Copyright: locks, levies, lawsuits or licensing? Part 3: lawsuits

In this series we have been talking about three ways of enforcing copyright: locks (part 1), levies (part 2) and lawsuits. In the future I will clarify an alternative to enforcement which is licensing (part 4) the specific usage.

In part 1 I stated that copyright is merely a series of activitieswhich someone can do with human creativity that requires permission ofthe copyright holder to do legally. If you do one of these thingswithout permission, the copyright holder has the right to sue you.

For a variety of reasons, however, many copyright holders are nothappy with this situation. They keep asking the government to makecopyright “stronger” by requiring permission for an ever-growing numberof activities, for an ever-growing amount of time, but they are notwanting to actually sue people who infringe copyright. Sometimescopyright holders want to scapegoat someone other than the infringer,such as the rhetoric around blaming so-called “enablers” which are mostoften the providers of multi-purpose technology or services, or theywant someone else to do all the enforcement.

There are a variety of reasons given, but the two most common are public relations problems and lack of resources.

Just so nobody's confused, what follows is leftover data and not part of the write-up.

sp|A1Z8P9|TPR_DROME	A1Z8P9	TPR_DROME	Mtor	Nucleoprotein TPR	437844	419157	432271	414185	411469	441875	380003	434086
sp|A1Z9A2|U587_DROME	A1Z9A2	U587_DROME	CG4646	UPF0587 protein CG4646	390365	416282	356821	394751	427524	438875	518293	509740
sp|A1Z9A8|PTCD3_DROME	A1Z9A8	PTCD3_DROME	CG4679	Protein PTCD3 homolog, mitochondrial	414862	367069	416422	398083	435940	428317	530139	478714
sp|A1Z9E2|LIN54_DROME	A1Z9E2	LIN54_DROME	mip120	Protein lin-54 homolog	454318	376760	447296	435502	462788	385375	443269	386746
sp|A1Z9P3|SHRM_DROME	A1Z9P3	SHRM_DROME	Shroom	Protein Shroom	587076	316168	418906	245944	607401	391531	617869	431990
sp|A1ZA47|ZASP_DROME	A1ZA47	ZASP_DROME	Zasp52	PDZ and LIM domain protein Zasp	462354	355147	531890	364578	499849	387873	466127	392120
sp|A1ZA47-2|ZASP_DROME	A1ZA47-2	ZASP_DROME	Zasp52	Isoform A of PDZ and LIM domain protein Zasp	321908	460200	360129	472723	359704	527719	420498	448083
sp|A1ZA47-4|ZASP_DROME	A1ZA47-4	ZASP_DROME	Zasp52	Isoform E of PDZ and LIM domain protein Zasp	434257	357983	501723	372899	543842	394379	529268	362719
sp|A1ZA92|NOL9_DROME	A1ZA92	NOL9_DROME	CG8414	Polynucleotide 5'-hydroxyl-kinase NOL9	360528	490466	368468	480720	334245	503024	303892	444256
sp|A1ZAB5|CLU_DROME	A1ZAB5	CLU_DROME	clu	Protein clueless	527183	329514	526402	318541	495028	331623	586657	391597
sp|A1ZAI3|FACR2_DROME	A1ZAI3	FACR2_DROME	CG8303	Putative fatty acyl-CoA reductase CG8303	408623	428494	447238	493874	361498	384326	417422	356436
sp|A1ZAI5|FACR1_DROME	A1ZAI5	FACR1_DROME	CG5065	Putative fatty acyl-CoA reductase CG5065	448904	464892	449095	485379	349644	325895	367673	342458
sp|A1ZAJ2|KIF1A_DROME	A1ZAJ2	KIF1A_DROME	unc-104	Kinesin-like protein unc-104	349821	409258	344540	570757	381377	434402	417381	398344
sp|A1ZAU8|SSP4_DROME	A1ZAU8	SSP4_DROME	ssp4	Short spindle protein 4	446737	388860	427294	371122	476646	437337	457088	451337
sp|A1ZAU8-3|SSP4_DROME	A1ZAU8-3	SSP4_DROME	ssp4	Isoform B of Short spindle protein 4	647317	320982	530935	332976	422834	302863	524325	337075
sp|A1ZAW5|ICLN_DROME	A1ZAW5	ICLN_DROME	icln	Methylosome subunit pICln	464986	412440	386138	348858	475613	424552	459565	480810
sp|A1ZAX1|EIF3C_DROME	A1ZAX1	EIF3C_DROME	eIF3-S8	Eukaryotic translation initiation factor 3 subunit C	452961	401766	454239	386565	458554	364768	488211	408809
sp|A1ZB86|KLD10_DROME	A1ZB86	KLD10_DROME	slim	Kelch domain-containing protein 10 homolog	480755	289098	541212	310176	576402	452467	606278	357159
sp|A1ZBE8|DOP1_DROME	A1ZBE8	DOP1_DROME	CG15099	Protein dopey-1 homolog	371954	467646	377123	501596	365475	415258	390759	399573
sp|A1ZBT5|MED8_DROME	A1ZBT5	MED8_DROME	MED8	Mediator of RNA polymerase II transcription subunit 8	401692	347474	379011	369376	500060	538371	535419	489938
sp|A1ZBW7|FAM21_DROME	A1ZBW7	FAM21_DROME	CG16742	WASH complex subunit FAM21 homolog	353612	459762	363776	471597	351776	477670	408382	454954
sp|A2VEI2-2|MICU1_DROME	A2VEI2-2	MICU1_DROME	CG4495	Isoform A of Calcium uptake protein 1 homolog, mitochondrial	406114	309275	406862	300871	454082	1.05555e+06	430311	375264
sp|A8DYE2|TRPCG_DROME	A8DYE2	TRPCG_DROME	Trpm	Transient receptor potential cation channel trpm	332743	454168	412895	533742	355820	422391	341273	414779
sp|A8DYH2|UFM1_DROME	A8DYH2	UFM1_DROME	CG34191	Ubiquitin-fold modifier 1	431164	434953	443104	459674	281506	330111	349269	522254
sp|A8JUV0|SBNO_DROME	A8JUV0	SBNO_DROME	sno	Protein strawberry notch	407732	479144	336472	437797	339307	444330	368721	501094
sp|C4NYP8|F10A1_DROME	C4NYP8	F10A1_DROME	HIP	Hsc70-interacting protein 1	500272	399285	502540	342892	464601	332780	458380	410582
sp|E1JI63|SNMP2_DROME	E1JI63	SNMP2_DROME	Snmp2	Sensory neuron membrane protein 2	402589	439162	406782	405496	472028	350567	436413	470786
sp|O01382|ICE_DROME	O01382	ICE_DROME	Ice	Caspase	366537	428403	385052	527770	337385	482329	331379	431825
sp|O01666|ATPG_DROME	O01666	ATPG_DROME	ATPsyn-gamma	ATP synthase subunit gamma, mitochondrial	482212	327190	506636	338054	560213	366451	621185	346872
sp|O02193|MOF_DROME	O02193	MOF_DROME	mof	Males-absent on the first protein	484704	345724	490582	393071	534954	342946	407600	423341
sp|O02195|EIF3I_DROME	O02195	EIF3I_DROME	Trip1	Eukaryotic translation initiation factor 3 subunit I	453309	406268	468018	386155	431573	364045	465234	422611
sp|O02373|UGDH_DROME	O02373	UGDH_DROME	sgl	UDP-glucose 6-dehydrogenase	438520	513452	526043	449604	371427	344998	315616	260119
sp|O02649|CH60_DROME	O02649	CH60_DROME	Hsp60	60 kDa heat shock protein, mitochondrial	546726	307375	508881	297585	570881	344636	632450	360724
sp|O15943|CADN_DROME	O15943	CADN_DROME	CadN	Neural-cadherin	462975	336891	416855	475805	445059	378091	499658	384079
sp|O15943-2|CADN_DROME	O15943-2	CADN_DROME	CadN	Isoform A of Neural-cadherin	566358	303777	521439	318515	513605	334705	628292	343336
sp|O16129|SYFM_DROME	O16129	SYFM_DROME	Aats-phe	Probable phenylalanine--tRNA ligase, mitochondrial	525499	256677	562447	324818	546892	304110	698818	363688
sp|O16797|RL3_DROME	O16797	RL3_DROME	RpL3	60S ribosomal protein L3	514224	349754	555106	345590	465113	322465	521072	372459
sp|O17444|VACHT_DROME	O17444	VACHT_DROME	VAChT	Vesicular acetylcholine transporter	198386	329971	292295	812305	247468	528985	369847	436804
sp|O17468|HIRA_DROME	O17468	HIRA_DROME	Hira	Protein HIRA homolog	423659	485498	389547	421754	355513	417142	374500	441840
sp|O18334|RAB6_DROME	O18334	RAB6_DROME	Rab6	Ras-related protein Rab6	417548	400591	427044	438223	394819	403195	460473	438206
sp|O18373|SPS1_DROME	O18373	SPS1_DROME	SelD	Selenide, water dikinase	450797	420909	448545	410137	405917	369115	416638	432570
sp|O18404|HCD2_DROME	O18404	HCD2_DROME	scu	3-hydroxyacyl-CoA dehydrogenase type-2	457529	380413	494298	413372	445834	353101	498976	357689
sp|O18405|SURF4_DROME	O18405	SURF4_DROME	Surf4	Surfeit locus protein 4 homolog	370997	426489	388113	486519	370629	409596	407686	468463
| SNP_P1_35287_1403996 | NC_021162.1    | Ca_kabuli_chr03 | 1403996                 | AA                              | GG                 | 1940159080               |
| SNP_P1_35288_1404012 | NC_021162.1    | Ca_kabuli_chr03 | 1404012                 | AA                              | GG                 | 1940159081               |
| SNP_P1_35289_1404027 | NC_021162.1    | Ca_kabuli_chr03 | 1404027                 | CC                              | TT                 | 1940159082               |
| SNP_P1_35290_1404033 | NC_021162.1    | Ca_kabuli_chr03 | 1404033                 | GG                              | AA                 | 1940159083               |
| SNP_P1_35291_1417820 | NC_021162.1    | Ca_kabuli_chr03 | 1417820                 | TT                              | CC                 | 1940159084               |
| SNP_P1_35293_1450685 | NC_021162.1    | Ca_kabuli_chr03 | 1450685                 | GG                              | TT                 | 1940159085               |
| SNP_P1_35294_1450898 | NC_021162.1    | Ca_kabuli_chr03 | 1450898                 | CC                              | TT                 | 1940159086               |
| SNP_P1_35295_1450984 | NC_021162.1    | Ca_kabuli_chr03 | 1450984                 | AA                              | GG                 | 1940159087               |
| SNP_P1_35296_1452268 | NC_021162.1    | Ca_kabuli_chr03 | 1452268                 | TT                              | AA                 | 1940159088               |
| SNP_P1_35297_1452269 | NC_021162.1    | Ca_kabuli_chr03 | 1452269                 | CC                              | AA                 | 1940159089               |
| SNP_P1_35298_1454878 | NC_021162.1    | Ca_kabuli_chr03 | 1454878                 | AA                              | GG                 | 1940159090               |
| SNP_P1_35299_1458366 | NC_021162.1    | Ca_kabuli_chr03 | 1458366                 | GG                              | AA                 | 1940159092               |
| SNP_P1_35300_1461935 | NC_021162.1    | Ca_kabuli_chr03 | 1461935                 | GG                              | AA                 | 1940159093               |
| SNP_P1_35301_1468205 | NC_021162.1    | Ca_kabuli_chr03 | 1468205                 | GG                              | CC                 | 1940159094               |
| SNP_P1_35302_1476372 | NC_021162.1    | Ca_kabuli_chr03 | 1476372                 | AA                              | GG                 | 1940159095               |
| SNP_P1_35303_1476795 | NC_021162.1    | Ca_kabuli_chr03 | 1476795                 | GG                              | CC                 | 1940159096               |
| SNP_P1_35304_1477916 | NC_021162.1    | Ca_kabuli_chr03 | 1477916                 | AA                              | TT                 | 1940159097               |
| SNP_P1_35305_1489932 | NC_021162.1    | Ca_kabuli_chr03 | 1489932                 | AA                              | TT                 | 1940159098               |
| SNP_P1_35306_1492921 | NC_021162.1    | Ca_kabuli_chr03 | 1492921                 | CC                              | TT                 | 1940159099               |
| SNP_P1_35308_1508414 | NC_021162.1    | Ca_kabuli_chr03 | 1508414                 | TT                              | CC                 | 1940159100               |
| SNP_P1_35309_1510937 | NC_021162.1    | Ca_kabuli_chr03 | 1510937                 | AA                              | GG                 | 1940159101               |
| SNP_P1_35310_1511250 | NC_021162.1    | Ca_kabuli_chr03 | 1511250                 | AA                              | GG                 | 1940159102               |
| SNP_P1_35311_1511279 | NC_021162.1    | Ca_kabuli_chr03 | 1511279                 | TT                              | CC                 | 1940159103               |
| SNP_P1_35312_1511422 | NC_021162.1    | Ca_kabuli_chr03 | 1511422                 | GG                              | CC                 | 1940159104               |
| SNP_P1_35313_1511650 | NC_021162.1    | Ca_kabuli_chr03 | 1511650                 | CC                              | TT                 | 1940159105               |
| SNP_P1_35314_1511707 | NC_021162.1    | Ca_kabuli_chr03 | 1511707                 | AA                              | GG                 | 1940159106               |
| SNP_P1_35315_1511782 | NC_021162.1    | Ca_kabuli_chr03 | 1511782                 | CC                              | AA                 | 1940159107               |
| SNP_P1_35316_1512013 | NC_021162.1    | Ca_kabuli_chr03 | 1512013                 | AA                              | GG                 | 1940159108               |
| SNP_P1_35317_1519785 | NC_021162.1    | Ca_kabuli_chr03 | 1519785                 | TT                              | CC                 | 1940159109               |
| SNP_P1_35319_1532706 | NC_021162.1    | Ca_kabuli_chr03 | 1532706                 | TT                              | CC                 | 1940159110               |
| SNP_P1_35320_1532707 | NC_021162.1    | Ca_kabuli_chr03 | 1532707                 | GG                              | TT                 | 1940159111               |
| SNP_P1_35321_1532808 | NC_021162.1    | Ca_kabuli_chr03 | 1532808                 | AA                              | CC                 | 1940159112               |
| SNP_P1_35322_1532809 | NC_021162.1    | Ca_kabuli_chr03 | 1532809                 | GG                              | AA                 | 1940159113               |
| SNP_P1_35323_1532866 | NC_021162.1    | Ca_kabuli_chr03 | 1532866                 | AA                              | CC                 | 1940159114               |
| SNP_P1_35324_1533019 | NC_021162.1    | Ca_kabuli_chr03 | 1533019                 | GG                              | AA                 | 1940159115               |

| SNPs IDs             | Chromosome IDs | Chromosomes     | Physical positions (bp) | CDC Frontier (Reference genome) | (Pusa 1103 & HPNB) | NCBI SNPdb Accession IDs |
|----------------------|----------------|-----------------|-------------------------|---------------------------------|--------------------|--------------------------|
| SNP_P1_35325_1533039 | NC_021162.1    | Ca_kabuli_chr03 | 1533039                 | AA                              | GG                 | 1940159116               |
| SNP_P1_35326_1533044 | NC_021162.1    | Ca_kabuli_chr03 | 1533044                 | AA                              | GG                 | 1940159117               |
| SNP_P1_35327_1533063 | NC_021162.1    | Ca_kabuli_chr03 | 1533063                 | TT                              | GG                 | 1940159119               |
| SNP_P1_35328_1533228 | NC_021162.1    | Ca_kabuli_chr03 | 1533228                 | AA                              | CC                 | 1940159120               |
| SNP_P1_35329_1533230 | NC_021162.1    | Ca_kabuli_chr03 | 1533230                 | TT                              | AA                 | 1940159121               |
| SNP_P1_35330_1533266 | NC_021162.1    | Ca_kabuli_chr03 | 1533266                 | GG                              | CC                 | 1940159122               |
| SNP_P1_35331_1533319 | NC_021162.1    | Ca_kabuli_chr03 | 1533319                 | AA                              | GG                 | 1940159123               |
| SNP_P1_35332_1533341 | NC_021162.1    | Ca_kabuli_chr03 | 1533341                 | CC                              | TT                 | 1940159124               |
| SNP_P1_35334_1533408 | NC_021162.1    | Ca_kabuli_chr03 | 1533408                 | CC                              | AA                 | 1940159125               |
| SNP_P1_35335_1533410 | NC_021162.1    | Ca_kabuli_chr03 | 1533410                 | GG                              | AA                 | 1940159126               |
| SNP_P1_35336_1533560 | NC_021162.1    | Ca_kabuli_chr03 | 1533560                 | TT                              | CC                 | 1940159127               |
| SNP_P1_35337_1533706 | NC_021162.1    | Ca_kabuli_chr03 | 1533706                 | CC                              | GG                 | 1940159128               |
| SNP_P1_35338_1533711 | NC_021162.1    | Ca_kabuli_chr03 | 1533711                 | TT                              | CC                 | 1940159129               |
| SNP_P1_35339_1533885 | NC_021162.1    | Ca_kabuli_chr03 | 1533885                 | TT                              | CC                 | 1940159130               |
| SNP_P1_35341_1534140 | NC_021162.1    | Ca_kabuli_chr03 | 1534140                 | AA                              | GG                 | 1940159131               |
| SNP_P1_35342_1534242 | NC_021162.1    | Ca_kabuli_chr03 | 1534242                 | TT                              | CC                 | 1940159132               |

Steven Page of the Barenaked Ladies explained the public relationsissue when he said the following: “You just can’t say I’ll see you incourt, and then say I’ll see you at Massey Hall. I’d rather see them atMassey Hall.”

In this case, he feels that launching lawsuits against music fansfor sharing music would have a public relations cost that would exceedany possible reward. I totally agree with him, but it is important torecognize that this statement came with further direction on thequestion of locks, levies, lawsuits or licensing. As the most visiblespokesperson for the Canadian Music Creators Coalitionhe is endorsing a message that says that “Suing Our Fans is Destructiveand Hypocritical” and “Digital Locks are Risky and Counterproductive”.The group has endorsed the proposalfrom the Songwriters Association of Canada to license P2P musicfilesharing rather than trying to stop it (IE: no locks or lawsuits).

This is a clear case where lawsuits are not the appropriate answerfor a usage where both the majority of musicians and music fansconsider to be socially beneficial, and where some form of licensing iswhat is desired (compulsory or voluntary, as discussed in part 2).

I consider the user generated content, clip sharing and variousnon-commercial mashups we see on video sites like YouTube to also besocially beneficial. These are uses of content where locks and lawsuitswould be counter-productive and inappropriate, and where some licensingmodel to monetize rather than attempt to prohibit this activity must bedevised.

These are relatively unique situations and should not beextrapolated to other areas of copyright. Attempts to “harmonize”copyright for all forms of creativity will be a failure given eachcreative market works differently. What is true in the music industrywith filesharing, or the television/movie industry with YouTube, reallyhas nothing in common with the dynamic that is happening with fictionbook authors, graphic artists, or software authors.